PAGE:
Late this week, in a phone call between Russia’s President Vladimir Putin and the Turkish President, Recep Tayyip Erdogan, the Russian leader set out his demands to end the War. At last, perhaps some light?

The world has to find a way to stop this senseless war. The United Nations (UN) should work harder. Else it might become another ‘League of Nations’.

A Star Disappears

She’s arguably the greatest female basketball player of all time: American Professional Basketball player Brittney Griner been detained in Moscow amid a war. The 6 feet 9 inch tall Brittney, 31, entered Russia on 17 February, landing at the Sheremetyevo Airport, outside Moscow, to play another season with a Russian league team, UMMC Ekaterinburg, during the Women’s National Basketball Association’s (WNBA) offseason.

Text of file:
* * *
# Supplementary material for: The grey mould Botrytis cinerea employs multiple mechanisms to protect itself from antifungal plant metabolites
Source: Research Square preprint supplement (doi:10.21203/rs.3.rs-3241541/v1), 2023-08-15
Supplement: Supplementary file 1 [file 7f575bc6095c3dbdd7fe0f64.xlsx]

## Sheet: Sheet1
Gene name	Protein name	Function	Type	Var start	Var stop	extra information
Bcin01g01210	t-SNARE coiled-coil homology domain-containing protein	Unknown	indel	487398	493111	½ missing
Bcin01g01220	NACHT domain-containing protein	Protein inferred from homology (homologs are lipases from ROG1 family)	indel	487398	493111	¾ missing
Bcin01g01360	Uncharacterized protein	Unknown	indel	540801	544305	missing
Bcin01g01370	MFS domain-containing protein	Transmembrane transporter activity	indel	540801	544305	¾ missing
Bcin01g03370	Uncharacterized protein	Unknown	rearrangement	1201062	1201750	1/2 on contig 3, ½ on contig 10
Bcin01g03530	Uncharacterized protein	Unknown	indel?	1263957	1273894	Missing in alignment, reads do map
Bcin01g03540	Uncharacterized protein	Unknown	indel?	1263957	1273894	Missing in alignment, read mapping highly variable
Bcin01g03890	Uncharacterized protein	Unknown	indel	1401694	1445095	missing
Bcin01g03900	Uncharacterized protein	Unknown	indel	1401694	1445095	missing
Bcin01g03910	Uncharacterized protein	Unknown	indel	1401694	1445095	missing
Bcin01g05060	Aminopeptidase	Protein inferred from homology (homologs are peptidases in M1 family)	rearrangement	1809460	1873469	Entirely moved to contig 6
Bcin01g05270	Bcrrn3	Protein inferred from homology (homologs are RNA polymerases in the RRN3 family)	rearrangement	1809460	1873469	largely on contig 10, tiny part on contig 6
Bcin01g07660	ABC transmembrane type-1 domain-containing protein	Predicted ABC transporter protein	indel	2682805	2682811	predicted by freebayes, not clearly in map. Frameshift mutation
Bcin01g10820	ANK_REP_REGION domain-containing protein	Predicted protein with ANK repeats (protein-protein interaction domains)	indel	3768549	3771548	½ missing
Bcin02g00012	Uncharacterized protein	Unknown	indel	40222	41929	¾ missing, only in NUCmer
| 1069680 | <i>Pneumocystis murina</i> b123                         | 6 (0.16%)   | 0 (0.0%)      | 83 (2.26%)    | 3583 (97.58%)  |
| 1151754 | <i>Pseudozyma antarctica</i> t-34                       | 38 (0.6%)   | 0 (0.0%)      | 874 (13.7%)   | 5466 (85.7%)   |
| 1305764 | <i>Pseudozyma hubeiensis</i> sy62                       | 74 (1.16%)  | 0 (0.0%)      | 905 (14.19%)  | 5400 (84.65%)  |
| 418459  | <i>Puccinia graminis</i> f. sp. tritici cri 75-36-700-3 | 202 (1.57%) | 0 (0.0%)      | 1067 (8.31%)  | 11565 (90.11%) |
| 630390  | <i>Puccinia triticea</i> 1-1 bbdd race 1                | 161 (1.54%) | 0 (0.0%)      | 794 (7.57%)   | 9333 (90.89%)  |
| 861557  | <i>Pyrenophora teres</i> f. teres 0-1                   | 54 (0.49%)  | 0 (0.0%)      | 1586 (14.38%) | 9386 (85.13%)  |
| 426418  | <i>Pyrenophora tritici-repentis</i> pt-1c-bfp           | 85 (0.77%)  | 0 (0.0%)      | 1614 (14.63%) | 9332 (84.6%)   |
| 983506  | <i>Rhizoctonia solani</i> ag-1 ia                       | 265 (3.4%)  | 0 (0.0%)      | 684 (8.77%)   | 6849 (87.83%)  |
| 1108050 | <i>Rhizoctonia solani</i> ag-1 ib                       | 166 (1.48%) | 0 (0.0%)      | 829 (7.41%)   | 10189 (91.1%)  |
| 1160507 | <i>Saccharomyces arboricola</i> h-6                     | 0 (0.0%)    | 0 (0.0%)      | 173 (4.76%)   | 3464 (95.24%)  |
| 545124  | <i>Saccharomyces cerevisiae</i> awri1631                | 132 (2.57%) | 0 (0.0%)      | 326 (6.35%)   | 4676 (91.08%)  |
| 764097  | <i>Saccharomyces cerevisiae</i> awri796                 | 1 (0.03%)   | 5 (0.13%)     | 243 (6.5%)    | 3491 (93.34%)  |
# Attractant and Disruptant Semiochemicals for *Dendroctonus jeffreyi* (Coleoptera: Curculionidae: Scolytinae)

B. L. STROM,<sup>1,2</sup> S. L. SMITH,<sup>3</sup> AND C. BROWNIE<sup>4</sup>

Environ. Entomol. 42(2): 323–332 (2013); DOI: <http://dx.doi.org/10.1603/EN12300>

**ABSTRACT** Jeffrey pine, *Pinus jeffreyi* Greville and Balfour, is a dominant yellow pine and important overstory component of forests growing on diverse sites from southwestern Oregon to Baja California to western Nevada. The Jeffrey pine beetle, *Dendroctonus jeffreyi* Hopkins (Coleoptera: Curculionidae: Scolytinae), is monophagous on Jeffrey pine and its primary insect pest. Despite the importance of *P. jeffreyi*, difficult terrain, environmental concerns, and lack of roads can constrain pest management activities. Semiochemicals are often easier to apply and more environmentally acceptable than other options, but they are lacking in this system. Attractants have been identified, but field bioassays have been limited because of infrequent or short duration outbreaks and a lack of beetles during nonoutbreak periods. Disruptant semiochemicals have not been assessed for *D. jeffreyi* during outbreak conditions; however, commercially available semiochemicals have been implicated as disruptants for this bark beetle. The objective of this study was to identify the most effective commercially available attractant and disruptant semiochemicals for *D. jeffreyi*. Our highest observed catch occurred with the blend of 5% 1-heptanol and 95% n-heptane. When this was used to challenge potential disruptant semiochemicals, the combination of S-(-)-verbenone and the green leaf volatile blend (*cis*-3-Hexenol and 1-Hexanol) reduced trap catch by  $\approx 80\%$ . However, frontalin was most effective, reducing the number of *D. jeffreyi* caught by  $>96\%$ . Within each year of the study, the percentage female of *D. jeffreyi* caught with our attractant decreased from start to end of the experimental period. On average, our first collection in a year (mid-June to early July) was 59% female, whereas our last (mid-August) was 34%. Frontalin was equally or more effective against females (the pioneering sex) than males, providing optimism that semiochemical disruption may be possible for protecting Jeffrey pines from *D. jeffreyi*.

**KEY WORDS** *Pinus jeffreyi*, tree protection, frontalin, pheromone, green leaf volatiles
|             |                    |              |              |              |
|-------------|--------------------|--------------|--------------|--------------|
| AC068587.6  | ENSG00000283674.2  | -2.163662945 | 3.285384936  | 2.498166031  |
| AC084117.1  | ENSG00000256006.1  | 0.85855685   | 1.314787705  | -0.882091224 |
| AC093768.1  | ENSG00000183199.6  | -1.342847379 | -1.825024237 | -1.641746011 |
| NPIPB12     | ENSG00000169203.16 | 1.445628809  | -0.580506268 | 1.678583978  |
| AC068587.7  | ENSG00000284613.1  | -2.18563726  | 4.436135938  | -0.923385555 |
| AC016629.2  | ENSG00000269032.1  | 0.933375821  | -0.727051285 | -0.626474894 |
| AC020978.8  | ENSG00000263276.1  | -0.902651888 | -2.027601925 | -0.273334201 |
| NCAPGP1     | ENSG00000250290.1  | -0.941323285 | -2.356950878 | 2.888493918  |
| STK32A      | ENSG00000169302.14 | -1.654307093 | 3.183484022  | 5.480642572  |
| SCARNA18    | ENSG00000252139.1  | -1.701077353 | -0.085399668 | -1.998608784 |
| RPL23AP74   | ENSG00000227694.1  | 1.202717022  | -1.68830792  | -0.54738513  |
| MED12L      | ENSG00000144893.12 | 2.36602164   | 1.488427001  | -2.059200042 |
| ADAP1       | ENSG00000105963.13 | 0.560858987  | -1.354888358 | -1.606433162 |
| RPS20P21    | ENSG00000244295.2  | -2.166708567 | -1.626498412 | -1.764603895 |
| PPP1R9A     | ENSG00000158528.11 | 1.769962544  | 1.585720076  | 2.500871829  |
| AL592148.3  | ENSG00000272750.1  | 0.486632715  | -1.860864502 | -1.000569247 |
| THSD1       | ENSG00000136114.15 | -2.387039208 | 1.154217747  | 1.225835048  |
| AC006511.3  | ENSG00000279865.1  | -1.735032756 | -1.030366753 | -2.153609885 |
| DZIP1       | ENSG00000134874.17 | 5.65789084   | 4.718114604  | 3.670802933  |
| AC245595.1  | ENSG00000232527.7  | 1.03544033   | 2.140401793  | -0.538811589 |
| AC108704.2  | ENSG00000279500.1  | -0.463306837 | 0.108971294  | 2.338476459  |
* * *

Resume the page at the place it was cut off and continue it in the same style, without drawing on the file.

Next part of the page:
While going through Airport security, a sniffer dog led Russian authorities to search Brittney’s carry-on luggage and they found vape cartridges containing hashish oil. She is believed to have been arrested on drug charges. Since then, her whereabouts are unknown and Russia has so far blocked consular access to the US embassy. She could face up to 10 years in prison if convicted.

Few have accomplished what Brittney Griner has. A native of Houston, Texas, she won the college championship, WNBA and Euro-League titles, and an Olympic gold medal. And, famously, her ability to dunk (score by shooting the ball down through the basket with the hands above the rim) is unmatched. She is one of the WNBA’s most dominant players in history, widely considered the best offensive player in the League.

Off the basketball court, she has been a trailblazer, coming out as gay at age 22, just about the time of her entry into professional sport. She then became the first overall draft pick in the WNBA that year and, soon after, the first openly gay athlete to be endorsed by Nike in its advertisement campaigns.